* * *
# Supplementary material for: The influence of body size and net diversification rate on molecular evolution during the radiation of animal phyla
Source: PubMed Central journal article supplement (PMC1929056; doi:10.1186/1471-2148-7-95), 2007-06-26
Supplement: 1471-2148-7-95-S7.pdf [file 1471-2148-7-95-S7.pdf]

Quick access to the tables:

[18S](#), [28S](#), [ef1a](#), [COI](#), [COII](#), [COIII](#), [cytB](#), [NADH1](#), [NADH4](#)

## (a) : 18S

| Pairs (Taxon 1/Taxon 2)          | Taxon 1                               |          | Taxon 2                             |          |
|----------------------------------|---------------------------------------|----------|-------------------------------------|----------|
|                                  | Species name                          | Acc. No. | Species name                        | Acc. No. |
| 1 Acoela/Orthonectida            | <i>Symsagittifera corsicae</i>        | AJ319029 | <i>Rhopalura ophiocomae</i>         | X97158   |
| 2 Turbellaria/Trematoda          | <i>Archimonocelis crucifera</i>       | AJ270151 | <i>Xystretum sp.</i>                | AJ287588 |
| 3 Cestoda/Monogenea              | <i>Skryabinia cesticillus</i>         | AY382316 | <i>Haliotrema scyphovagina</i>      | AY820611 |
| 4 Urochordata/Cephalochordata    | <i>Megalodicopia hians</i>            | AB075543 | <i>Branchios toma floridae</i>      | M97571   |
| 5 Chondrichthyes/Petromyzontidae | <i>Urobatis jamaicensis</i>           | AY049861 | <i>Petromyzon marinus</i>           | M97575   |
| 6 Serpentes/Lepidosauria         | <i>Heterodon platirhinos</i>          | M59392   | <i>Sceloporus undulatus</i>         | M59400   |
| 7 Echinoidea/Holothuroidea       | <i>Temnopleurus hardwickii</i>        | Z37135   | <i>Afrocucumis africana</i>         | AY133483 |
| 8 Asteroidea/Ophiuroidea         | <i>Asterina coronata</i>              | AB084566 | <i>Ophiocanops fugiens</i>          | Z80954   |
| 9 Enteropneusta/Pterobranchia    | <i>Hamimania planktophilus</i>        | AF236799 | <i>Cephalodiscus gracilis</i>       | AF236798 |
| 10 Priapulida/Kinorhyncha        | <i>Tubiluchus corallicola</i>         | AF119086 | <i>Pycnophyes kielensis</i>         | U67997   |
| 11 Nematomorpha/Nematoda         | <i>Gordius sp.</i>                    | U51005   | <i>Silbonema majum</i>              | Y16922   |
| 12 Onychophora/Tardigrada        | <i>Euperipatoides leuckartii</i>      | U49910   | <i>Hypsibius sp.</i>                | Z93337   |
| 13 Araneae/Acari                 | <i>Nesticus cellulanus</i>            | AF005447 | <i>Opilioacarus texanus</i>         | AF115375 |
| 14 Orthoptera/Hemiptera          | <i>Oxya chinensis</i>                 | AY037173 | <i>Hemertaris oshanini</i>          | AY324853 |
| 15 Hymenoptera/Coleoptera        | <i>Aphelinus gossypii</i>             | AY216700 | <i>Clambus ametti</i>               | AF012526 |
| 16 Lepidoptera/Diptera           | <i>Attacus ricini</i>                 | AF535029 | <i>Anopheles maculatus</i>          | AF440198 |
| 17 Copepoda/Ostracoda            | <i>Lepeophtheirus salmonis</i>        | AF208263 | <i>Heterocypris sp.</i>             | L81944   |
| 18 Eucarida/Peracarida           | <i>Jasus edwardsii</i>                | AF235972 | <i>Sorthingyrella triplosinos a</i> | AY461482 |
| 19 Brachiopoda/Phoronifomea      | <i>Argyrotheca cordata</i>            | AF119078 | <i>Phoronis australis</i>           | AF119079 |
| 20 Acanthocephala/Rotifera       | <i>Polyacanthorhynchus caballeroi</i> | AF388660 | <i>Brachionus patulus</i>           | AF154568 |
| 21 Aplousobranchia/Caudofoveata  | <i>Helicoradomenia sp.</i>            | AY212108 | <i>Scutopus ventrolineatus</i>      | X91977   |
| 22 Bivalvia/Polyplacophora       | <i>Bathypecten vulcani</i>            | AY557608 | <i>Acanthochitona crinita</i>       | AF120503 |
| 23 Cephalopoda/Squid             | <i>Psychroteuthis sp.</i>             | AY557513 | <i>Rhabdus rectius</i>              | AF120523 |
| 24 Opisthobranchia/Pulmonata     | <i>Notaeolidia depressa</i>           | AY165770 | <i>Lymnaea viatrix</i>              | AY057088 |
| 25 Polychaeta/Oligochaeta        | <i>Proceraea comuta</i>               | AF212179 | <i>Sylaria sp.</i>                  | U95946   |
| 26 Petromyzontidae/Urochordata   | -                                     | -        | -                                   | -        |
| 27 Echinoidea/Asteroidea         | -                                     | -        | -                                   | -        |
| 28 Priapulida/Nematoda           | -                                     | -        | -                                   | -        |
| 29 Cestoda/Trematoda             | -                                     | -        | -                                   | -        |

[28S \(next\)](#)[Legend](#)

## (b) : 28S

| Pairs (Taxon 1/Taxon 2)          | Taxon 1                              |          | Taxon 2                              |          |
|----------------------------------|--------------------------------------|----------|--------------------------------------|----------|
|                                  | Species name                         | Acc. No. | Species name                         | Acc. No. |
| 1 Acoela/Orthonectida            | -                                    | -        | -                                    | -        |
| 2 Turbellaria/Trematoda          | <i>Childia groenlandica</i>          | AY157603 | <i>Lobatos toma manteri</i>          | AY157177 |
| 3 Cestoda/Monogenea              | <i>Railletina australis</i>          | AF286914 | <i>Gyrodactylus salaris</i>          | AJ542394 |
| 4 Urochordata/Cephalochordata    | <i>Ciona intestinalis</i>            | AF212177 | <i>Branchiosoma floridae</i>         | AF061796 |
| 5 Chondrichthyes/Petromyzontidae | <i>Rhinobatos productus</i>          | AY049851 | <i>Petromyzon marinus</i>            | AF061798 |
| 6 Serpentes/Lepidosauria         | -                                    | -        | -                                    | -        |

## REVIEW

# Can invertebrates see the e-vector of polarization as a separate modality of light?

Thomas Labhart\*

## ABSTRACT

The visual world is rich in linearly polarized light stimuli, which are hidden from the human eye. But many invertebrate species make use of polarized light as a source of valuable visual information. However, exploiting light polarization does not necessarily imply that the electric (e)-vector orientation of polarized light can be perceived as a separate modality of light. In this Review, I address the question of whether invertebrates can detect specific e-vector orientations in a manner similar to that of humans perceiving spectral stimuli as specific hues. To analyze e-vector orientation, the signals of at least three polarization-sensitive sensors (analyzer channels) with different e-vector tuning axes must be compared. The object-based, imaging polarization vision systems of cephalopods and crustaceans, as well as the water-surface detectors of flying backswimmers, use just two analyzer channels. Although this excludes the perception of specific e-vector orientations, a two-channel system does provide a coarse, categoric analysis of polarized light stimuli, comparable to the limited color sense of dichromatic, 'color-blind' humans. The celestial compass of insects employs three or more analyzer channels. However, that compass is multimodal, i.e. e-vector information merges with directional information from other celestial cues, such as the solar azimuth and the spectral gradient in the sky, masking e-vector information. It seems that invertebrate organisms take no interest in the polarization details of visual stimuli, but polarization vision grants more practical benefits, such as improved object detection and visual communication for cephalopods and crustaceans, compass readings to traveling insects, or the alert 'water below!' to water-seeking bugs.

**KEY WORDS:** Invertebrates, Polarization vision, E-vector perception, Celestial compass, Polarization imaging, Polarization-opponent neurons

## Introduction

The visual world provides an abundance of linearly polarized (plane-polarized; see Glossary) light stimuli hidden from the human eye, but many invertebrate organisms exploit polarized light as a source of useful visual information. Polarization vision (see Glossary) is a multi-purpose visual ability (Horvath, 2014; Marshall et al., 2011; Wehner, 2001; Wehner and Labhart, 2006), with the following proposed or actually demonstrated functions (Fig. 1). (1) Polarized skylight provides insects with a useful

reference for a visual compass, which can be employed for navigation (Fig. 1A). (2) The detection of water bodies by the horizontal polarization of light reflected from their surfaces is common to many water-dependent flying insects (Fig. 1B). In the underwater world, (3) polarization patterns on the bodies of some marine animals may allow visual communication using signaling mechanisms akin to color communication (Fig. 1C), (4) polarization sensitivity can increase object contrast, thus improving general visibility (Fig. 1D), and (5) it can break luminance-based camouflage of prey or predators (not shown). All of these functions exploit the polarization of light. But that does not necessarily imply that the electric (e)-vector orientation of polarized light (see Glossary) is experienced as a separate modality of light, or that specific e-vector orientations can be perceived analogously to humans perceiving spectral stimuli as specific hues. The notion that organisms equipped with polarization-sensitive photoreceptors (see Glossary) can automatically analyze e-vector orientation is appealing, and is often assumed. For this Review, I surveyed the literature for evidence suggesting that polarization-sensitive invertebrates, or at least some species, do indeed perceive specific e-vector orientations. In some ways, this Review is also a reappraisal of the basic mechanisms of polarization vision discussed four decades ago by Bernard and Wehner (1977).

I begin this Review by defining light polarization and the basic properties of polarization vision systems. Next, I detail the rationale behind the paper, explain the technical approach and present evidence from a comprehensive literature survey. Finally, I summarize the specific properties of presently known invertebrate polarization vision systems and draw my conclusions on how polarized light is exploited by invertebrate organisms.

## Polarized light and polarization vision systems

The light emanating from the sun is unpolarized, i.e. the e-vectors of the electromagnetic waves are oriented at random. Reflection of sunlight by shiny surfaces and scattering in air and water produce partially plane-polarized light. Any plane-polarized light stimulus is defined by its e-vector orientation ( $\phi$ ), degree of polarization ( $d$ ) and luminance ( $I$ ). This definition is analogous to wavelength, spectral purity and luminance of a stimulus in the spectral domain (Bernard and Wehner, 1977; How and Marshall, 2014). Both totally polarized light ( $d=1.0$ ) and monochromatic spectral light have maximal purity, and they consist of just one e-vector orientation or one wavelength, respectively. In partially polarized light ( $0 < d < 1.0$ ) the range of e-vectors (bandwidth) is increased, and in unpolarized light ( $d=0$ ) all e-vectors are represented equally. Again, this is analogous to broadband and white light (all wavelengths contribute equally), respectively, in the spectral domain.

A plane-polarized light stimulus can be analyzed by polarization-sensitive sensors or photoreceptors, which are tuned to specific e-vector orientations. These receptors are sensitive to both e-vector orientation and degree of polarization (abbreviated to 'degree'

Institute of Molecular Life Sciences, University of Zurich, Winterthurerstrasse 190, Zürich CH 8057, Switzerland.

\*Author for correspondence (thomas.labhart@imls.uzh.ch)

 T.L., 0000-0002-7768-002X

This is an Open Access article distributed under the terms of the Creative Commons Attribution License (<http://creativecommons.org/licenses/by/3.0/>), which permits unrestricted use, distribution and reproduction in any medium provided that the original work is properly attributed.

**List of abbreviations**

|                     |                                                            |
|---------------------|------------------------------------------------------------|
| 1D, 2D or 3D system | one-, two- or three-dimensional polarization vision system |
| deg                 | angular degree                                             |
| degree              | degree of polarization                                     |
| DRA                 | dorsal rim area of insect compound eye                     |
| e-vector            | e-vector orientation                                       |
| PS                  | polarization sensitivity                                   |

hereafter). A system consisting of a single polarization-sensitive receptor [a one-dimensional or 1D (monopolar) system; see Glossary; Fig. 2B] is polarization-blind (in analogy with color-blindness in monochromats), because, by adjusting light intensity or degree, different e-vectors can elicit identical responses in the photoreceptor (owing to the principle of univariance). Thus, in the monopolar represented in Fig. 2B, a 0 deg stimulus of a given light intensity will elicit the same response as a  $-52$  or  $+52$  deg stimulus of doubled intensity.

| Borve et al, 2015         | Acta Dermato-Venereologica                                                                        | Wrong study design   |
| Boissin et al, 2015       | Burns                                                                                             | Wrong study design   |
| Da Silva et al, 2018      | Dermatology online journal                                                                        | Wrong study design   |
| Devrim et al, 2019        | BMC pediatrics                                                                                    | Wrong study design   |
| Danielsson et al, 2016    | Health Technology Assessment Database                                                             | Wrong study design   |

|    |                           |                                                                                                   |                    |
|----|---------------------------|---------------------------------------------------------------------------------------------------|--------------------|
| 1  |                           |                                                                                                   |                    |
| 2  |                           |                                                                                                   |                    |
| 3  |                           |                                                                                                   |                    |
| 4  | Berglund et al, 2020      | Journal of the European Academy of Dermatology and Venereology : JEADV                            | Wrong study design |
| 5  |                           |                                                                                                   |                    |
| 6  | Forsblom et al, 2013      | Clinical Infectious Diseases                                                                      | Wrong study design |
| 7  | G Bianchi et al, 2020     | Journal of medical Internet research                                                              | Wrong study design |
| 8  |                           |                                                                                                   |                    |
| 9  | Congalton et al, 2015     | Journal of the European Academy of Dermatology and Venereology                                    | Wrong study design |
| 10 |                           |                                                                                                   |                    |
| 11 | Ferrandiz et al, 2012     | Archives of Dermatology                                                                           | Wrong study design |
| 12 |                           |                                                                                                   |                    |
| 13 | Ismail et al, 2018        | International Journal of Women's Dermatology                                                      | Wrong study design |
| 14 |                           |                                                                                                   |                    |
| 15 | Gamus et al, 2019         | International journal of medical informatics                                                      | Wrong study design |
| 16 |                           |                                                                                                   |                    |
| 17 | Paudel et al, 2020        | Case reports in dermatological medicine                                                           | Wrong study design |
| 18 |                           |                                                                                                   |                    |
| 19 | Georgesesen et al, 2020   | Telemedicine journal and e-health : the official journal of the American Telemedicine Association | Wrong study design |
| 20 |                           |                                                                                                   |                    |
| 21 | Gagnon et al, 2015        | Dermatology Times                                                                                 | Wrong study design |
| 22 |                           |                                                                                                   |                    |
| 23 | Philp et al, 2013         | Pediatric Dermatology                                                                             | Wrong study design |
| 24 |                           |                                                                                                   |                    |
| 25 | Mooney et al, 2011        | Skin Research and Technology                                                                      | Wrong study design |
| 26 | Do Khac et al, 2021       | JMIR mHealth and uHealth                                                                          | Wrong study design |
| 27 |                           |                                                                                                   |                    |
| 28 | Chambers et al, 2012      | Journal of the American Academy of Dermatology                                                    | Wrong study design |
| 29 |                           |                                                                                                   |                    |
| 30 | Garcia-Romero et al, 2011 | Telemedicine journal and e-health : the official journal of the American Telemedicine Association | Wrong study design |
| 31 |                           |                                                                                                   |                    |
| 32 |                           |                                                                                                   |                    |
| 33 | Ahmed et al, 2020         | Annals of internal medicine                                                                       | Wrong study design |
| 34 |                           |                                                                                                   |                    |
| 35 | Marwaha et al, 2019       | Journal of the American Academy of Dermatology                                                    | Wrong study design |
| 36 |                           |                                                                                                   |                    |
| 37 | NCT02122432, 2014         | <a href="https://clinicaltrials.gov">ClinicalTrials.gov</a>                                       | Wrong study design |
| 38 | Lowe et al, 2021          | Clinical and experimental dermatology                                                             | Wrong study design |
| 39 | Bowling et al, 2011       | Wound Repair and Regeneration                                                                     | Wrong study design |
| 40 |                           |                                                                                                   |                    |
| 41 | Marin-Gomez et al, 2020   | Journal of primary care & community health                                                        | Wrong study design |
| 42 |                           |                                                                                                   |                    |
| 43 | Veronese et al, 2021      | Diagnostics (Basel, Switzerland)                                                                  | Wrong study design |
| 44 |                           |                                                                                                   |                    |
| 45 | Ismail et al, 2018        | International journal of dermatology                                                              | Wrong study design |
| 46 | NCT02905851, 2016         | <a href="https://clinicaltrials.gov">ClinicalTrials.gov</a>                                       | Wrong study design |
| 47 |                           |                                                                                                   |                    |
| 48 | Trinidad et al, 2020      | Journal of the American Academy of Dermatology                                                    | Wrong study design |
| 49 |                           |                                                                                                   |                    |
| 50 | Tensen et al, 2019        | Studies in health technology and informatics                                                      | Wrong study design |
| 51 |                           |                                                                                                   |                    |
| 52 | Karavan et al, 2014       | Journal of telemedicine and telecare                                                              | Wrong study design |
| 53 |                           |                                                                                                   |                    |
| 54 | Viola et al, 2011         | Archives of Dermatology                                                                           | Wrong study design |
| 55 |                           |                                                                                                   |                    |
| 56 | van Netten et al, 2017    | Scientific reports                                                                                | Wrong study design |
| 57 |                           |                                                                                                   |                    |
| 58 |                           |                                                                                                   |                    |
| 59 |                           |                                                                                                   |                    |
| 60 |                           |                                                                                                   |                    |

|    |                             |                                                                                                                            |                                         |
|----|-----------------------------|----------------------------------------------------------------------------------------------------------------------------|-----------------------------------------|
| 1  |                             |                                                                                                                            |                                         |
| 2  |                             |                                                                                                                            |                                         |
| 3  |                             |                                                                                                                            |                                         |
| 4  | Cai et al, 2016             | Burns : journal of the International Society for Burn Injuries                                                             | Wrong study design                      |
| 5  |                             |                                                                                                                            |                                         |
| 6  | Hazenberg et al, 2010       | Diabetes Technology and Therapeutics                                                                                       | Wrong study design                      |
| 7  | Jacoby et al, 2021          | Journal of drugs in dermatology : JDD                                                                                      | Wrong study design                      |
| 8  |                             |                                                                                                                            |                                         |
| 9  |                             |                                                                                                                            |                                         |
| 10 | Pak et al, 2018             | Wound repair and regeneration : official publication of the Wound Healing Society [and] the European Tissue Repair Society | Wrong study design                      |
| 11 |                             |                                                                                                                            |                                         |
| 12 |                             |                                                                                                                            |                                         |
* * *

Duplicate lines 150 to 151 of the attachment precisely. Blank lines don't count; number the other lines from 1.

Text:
| 5  |                             |                                                                                                                            |                                         |
| 6  | Hazenberg et al, 2010       | Diabetes Technology and Therapeutics                                                                                       | Wrong study design                      |